Cleaning up my TPM hack

A few weeks back I posted some stuff about hacking up an Asus TPM daughter card to hook it up to a PCEngines APU system. That was the first I’ve soldered in pretty much forever. It was ugly. Seriously ugly. But it worked. Still, we can do better.


In my first pass at this I left the pins in the board after cutting off the connector. To hook up the new connector I just soldered the wires directly to the existing pins. The right way to do this is to desolder the existing pins, pull them out, and run the new wires into the holes left by the old pins.

After discovering what a solder pump is this isn’t the impossible task I thought it was. There were two pins that wouldn’t budge though. These two were hooked up to the ground plate on the card so when I applied heat the whole card absorbed it. Since I didn’t need these pins I just left them alone. This is what the card looks like with the pins desoldered:



New Wiring

Now we just add some new wires following the mapping from the last post. Business as usual. I did up ground in the same way running it directly to the plate on the daughter card. The sanding job I did this time was much better since I used real sand paper. Actually I picked up a few of those nail files at the grocery store and they worked out great.


Last time I ran all the wires over the top and they piled up something awful. This time I ran the problematic ones under the card to keep things clean. I’m pretty happy with the end result.



Attaching a TPM on the LPC

Just for the funs I recently revived some older work with my PCEngines alix3d2 where I built an OE meta layer with a simple machine and kernel config to build images: meta-alix.




TPMs for all the boards!

I’ve got a soft spot for the older PCEngines WRAP board since it was the first platform I experimented on while building a home router / access point years ago. So meta-alix was fun work but nothing too crazy. While playing around with this I noticed that the alix3d2 has an exposed 20 pin header labeled ‘LPC’. Now that is interesting because I’ve got a few Asus branded Infineon TPMs laying about and they’ve got LPC connectors on them. A home wireless router with a TPM on it? Now that could be interesting.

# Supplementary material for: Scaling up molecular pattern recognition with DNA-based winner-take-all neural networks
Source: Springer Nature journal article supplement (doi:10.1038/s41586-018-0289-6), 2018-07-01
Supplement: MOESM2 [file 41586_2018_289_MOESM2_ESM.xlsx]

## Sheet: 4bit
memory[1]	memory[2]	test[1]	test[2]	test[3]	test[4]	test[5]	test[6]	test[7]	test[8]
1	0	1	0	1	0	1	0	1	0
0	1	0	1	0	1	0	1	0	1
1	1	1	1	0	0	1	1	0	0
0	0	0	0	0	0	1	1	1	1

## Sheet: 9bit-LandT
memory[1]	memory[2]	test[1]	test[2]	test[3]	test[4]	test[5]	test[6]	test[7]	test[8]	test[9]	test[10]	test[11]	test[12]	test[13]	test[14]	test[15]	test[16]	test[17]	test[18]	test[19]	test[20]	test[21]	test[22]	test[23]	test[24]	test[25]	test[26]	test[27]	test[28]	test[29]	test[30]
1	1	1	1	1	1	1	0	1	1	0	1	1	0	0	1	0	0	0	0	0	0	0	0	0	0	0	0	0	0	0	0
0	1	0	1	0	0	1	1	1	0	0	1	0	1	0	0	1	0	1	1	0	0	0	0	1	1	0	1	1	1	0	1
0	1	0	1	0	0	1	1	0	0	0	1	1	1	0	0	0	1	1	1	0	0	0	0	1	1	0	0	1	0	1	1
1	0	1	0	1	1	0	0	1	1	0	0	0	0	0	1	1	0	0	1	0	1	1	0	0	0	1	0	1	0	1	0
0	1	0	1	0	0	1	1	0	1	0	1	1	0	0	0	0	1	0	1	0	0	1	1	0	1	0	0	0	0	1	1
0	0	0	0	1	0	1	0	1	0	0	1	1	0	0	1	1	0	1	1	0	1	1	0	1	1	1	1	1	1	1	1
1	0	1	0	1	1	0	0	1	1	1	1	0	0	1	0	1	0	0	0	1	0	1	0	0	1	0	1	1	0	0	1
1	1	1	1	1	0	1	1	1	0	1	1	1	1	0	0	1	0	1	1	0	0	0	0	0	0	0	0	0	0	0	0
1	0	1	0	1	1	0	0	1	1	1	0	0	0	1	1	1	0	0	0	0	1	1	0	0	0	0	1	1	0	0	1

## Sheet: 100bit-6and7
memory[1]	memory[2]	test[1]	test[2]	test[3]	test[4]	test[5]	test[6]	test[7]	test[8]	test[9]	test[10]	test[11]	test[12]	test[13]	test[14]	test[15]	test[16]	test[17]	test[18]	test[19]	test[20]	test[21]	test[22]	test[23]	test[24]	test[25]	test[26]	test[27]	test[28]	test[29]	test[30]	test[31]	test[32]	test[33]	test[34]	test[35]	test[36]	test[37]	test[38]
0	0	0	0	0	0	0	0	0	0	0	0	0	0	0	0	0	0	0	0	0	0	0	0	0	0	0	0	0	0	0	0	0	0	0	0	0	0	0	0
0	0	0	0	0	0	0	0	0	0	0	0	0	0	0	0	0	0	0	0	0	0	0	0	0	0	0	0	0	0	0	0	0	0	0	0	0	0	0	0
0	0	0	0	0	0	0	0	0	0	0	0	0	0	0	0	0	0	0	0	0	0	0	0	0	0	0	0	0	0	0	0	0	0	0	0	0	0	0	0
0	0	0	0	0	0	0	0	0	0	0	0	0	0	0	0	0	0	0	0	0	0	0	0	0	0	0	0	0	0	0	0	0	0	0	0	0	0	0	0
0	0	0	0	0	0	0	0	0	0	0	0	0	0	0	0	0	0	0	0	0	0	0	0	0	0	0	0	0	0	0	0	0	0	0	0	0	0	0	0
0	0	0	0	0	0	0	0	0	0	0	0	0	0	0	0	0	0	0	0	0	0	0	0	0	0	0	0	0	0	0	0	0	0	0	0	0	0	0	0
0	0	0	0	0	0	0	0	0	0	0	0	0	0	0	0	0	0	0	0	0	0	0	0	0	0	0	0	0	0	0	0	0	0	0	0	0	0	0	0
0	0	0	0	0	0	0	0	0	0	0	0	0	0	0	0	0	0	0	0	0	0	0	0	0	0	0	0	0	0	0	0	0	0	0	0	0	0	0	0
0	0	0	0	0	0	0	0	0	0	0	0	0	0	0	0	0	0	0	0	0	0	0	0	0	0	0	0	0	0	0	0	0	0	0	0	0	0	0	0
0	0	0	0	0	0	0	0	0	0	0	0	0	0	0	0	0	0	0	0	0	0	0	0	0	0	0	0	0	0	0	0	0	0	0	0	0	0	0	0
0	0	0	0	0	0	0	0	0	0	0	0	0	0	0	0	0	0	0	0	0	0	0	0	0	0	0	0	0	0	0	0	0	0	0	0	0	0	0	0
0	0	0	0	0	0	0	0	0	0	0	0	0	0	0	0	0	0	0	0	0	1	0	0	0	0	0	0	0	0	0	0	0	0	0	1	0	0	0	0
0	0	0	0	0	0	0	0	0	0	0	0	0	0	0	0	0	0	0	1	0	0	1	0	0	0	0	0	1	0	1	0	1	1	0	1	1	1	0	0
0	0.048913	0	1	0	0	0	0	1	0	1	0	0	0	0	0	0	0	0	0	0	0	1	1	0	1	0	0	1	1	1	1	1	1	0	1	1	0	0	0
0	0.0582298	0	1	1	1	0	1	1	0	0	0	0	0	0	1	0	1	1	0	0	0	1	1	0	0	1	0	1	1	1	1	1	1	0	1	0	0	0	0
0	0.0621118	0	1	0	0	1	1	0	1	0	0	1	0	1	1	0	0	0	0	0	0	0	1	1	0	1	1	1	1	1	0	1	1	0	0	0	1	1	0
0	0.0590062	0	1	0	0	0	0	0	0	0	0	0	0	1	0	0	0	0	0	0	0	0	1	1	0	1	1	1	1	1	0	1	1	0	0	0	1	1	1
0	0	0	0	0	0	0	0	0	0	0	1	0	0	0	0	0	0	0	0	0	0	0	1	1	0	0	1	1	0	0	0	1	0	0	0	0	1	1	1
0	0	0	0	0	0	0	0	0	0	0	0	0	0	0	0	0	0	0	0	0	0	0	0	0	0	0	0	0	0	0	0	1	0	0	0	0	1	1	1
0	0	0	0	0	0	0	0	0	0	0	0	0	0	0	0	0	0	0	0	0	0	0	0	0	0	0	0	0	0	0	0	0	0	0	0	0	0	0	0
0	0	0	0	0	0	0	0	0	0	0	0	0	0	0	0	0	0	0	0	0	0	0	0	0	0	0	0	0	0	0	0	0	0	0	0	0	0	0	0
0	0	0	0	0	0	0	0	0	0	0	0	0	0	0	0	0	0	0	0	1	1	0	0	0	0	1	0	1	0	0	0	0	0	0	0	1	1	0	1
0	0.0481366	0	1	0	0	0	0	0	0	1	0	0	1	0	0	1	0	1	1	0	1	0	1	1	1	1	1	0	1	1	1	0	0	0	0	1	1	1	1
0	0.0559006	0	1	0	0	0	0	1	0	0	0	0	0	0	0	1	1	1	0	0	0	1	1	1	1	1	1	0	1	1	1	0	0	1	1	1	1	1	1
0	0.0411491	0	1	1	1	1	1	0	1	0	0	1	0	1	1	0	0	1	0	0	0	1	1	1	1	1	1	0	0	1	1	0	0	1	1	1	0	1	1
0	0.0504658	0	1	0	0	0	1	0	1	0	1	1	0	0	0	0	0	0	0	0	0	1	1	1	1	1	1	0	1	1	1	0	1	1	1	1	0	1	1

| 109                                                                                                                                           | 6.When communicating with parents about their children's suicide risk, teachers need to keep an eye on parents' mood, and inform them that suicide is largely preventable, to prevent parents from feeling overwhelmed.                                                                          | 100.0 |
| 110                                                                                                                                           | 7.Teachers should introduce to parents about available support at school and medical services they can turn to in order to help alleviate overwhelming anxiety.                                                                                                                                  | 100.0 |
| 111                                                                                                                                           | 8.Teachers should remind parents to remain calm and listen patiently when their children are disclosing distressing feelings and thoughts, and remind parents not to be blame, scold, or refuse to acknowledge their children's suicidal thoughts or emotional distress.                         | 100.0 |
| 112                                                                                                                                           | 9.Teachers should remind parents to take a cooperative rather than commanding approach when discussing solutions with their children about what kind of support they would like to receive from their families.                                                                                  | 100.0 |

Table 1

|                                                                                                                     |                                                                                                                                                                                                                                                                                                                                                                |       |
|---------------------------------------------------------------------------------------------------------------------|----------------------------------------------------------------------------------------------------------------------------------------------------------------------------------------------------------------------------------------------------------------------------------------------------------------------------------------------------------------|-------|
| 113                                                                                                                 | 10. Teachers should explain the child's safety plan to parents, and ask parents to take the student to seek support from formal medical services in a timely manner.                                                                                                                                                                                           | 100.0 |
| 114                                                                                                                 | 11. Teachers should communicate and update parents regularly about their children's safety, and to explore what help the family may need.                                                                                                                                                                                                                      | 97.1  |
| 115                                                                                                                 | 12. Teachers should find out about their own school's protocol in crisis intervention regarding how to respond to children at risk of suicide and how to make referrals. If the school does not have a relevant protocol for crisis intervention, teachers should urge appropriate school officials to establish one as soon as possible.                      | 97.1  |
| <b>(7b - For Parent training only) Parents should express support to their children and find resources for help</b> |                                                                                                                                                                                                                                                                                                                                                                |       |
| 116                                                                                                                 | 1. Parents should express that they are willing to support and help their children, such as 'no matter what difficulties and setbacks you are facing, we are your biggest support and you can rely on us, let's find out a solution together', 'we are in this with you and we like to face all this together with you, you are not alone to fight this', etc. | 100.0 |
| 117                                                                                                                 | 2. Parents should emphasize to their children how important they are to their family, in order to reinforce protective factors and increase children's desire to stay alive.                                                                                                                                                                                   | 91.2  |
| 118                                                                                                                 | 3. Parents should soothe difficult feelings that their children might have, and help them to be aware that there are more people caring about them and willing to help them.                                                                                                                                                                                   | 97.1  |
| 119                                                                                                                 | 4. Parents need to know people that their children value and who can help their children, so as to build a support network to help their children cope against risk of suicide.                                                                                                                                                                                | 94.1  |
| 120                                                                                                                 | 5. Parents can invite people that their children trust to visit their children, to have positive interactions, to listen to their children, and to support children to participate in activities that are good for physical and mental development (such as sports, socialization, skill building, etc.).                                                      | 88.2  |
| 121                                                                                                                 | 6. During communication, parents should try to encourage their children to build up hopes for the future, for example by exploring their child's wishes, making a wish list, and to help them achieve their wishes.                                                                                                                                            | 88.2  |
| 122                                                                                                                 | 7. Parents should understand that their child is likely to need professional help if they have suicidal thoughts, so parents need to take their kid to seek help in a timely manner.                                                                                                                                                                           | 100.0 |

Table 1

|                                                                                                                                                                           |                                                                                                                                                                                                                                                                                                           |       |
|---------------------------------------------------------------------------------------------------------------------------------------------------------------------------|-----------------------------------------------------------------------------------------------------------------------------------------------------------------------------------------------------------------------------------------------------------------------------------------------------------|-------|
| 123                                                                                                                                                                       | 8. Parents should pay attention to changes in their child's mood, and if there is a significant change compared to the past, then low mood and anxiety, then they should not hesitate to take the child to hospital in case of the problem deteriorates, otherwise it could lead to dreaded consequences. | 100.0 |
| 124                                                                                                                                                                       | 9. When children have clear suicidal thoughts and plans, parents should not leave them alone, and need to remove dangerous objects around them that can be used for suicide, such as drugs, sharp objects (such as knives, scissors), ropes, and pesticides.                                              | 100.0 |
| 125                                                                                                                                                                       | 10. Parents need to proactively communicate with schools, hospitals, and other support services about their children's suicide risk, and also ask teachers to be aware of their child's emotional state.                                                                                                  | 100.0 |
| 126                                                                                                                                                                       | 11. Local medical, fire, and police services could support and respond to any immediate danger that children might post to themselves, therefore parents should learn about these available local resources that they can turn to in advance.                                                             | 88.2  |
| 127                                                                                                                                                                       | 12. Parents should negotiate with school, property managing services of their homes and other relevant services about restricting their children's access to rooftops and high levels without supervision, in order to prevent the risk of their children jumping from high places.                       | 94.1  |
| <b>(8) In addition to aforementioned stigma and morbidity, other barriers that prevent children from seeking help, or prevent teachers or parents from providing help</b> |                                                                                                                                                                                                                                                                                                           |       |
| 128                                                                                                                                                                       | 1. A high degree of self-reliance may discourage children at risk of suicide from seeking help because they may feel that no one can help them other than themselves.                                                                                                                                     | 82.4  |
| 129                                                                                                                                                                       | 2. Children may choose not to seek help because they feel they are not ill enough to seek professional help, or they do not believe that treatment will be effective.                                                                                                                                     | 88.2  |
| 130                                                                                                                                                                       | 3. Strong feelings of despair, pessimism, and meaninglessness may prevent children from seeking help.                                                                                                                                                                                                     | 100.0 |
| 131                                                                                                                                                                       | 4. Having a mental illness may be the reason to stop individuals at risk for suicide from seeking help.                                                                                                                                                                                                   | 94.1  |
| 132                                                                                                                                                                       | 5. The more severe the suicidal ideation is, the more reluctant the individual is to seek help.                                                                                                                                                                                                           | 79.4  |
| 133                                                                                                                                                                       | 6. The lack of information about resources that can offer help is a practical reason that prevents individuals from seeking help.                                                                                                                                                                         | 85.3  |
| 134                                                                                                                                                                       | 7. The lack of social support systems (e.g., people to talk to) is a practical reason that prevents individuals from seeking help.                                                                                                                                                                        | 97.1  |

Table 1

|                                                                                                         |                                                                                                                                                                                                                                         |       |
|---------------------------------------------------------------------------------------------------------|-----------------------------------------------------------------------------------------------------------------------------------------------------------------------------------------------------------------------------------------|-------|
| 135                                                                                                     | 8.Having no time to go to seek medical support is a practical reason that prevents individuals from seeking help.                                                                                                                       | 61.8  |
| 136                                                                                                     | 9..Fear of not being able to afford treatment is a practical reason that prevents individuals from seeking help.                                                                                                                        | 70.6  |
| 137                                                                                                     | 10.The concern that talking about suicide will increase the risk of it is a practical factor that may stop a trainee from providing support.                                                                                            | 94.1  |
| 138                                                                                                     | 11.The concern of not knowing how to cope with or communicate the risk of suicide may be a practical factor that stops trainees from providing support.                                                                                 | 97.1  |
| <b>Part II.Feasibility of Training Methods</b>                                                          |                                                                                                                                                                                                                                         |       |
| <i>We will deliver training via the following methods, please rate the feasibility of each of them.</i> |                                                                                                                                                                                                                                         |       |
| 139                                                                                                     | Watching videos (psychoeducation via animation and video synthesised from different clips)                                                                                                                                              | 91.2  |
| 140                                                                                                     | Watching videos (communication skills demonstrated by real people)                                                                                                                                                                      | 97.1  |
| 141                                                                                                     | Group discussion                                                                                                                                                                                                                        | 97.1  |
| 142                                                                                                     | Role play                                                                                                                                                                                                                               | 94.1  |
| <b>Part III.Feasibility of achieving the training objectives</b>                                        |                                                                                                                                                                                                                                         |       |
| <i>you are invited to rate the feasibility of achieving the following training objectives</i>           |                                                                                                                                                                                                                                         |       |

Attaching an TPM designed to attach to a board on a 20 pin LPC connector should be pretty easy right? That’s what I thought too. But here we are 2 weeks later and I’m just now getting to write this up and I can’t say this work was 100% successful. But before I go too deep into the trials and tribulations let’s start with a bill of materials.

Bill of materials

To start out you’ll need a TPM and one designed to attach to your system on the LPC bus. TPMs are a PITA to buy really. There are 3 main companies that manufacture them but you can’t buy them direct. Thankfully there are some motherboard manufacturers out there that support the TPM via a “daughter-card” and from my experience this is mostly the high end manufacturers like Asus and Supermicro. I had 2 Asus TPMs laying around so this seemed like a good opportunity to put them to use. On Amazon these TPMs go for about $15 but when I bought mine almost a year ago they were less than half that.

The system that started out trying to attach this thing to is an alix3d2. I also picked up one of the newer PCEngines APU but *spoiler alert* only after I had serious problems getting the alix to work.

You’ll also need a soldering iron and the usual soldering / prototyping gear on hand (lights, wire, solder, magnifying glass etc). That’s right I said soldering. It’s been a while for me too. Like 10 years. Don’t worry there isn’t much too this and it was really fun.


As you’ve likely guessed by now, just because a system has an LPC connector doesn’t mean this thing is plug and play. The Asus TPM daughter card has pin 4 blocked / keyed and the ALIX doesn’t so that’s our first hint. The real data is in the respective pin diagrams. Finding these isn’t as easy as I’d hoped so I had to do some digging.

The docs for the ALIX systems are all on the PCEngines website so that part’s easy. The Asus TPM doesn’t seem to have any docs though. If you take the time to dig into the boards that support them though you’ll find the manuals for these boards have the pin assignment documented. I pulled down the manual for the P9D-WS and used this as a reference. Page 2-29 has what we’re looking for.